On March 9, 1959, the first Barbie doll goes on display at the American Toy Fair in New York City.
Eleven inches tall, with a waterfall of blond hair, Barbie was the first mass-produced toy doll in the United States with adult features. The woman behind Barbie was Ruth Handler, who co-founded Mattel, Inc. with her husband in 1945. After seeing her young daughter ignore her baby dolls to play make-believe with paper dolls of adult women, Handler realized there was an important niche in the market for a toy that allowed little girls to imagine the future.
Barbie’s appearance was modeled on a doll named Lilli, based on a German comic strip character. Originally marketed as a racy gag gift to adult men in tobacco shops, the Lilli doll later became extremely popular with children. Mattel bought the rights to Lilli and made its own version, which Handler named after her daughter, Barbara. Note: I cropped out the caption of the comic below. I tried to use Google Translate to check if it was appropriate. The Google translate didn’t do a great job but the first sentence seemed a little racy but this just may be out of context. If you want to see for yourself the full picture is available here.
With its sponsorship of the “Mickey Mouse Club” TV program in 1955, Mattel became the first toy company to broadcast commercials to children. They used this medium to promote their new toy, and by 1961, the enormous consumer demand for the doll led Mattel to release a boyfriend for Barbie. Handler named him Ken, after her son.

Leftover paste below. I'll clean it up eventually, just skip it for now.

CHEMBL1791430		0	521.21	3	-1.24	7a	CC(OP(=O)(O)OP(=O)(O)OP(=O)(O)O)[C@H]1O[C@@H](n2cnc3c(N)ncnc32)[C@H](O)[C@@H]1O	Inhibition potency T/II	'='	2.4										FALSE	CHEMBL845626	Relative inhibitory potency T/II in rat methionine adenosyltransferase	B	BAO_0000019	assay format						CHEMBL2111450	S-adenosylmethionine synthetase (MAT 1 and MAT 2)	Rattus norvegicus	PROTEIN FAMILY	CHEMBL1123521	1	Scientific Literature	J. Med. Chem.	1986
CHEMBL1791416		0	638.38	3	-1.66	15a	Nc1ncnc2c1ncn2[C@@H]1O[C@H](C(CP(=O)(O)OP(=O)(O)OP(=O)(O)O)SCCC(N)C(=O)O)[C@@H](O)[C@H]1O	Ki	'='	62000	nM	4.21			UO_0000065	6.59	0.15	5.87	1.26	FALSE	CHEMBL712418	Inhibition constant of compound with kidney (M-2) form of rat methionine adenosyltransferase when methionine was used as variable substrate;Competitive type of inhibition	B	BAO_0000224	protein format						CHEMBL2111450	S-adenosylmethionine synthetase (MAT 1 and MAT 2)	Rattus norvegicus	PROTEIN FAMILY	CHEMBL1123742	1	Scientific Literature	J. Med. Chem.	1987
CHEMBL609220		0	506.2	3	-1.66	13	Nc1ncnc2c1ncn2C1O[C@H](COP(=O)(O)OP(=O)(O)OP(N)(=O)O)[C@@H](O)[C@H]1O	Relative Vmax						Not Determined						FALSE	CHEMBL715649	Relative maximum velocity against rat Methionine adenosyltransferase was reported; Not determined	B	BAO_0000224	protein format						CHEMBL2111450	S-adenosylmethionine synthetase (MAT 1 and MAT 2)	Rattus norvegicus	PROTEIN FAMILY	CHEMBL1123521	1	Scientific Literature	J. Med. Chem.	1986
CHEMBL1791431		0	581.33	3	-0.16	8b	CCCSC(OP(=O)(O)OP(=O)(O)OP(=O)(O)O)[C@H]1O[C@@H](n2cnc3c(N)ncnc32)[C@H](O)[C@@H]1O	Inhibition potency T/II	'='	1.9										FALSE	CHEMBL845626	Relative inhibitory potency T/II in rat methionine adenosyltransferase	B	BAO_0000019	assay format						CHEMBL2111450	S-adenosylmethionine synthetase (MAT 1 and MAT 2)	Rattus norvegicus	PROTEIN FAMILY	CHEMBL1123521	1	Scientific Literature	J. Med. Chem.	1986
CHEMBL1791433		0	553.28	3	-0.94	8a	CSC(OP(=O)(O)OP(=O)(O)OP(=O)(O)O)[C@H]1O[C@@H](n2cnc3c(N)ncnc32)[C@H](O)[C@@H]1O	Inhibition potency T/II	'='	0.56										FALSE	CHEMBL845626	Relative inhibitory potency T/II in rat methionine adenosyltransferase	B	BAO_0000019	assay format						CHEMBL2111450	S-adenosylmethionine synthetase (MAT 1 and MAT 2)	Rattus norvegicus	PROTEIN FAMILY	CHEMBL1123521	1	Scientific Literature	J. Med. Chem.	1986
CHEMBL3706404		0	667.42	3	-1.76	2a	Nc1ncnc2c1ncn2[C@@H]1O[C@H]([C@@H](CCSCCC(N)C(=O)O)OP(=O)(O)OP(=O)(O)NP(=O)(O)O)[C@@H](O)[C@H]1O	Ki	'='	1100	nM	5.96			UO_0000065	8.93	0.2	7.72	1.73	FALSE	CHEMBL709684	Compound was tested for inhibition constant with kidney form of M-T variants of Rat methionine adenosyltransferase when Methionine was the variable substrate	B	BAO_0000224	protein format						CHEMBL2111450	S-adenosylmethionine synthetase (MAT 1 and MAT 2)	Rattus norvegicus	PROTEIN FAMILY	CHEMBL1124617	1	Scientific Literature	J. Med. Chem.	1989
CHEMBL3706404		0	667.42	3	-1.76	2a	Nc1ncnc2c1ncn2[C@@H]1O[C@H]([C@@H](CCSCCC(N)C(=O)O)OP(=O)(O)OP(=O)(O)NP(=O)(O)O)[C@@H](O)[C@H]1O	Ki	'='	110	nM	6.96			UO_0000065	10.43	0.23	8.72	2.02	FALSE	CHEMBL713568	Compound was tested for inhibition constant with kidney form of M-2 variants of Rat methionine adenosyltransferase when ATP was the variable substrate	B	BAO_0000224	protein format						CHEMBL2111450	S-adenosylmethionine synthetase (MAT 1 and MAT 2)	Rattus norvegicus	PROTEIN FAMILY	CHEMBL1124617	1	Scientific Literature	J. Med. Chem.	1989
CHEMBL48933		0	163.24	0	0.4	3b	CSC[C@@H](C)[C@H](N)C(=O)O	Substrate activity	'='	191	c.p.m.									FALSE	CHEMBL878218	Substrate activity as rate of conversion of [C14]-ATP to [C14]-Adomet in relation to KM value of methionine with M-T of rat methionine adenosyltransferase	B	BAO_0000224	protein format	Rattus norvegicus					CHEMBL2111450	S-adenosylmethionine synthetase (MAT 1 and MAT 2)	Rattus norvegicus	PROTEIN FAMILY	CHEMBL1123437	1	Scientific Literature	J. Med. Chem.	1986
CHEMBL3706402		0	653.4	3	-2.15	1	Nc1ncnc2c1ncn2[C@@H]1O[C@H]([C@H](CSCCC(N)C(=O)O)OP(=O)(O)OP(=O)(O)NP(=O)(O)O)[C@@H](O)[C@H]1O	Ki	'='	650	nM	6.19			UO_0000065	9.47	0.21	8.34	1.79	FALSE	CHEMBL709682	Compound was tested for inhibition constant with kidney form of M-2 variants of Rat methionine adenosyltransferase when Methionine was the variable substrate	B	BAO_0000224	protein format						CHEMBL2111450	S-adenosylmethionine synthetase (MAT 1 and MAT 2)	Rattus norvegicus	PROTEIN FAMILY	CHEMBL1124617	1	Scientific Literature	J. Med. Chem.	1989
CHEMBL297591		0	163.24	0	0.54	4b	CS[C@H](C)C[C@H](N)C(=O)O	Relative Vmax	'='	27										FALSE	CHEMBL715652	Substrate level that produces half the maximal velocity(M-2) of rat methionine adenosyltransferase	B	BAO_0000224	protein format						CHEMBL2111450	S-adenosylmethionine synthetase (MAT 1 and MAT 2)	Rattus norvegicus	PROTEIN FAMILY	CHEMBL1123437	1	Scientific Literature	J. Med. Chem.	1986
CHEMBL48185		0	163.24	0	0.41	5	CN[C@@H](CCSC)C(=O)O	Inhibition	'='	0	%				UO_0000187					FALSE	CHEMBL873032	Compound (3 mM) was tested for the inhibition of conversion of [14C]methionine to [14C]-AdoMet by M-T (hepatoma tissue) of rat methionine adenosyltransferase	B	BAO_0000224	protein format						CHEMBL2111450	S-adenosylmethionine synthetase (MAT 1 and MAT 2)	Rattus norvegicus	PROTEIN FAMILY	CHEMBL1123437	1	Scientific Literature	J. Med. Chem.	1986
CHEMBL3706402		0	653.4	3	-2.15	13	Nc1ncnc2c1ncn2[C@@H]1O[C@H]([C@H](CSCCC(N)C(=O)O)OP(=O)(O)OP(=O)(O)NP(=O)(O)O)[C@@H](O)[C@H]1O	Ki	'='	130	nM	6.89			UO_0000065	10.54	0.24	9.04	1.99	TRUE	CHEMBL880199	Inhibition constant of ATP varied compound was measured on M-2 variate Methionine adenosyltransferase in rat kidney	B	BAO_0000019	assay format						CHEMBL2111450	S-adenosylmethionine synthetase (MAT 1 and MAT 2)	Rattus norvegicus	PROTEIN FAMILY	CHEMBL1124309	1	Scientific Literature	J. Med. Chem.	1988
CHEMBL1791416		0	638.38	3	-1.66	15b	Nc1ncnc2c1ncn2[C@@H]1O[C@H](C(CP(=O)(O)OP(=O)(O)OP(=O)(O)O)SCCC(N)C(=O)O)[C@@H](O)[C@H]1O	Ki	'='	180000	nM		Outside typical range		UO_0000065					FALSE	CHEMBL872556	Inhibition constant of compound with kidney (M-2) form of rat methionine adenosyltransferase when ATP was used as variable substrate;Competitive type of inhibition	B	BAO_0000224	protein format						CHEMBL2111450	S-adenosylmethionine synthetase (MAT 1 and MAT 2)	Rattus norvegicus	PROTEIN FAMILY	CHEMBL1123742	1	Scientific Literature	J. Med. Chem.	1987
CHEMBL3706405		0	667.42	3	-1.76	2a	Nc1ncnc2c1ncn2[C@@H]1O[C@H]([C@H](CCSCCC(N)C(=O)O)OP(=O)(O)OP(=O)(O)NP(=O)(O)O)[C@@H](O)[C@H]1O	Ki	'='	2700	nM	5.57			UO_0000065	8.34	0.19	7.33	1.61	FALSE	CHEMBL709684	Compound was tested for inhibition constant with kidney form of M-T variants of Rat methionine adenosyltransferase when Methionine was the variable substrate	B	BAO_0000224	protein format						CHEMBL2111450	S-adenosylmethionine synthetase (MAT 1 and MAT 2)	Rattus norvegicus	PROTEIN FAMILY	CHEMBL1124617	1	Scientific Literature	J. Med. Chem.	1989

Barbie’s best friend, Midge, came out in 1963; her little sister, Skipper, debuted the following year.
Over the years, Barbie generated huge sales–and a lot of controversy. On the positive side, many women saw Barbie as providing an alternative to traditional 1950s gender roles. She has had a series of different jobs, from airline stewardess, doctor, pilot and astronaut to Olympic athlete and even U.S. presidential candidate. Others thought Barbie’s never-ending supply of designer outfits, cars and “Dream Houses” encouraged kids to be materialistic. It was Barbie’s appearance that caused the most controversy, however. Her tiny waist and enormous breasts–it was estimated that if she were a real woman, her measurements would be 36-18-38–led many to claim that Barbie provided little girls with an unrealistic and harmful example and fostered negative body image. She has become a controversy again in 2014 as she is on the cover of Sports Illustrated 50th Anniversary Swimsuit edition.
Despite the criticism, sales of Barbie-related merchandise continued to soar, topping 1 billion dollars annually by 1993. Since 1959, more than 800 million dolls in the Barbie family have been sold around the world and Barbie is now a bona fide global icon.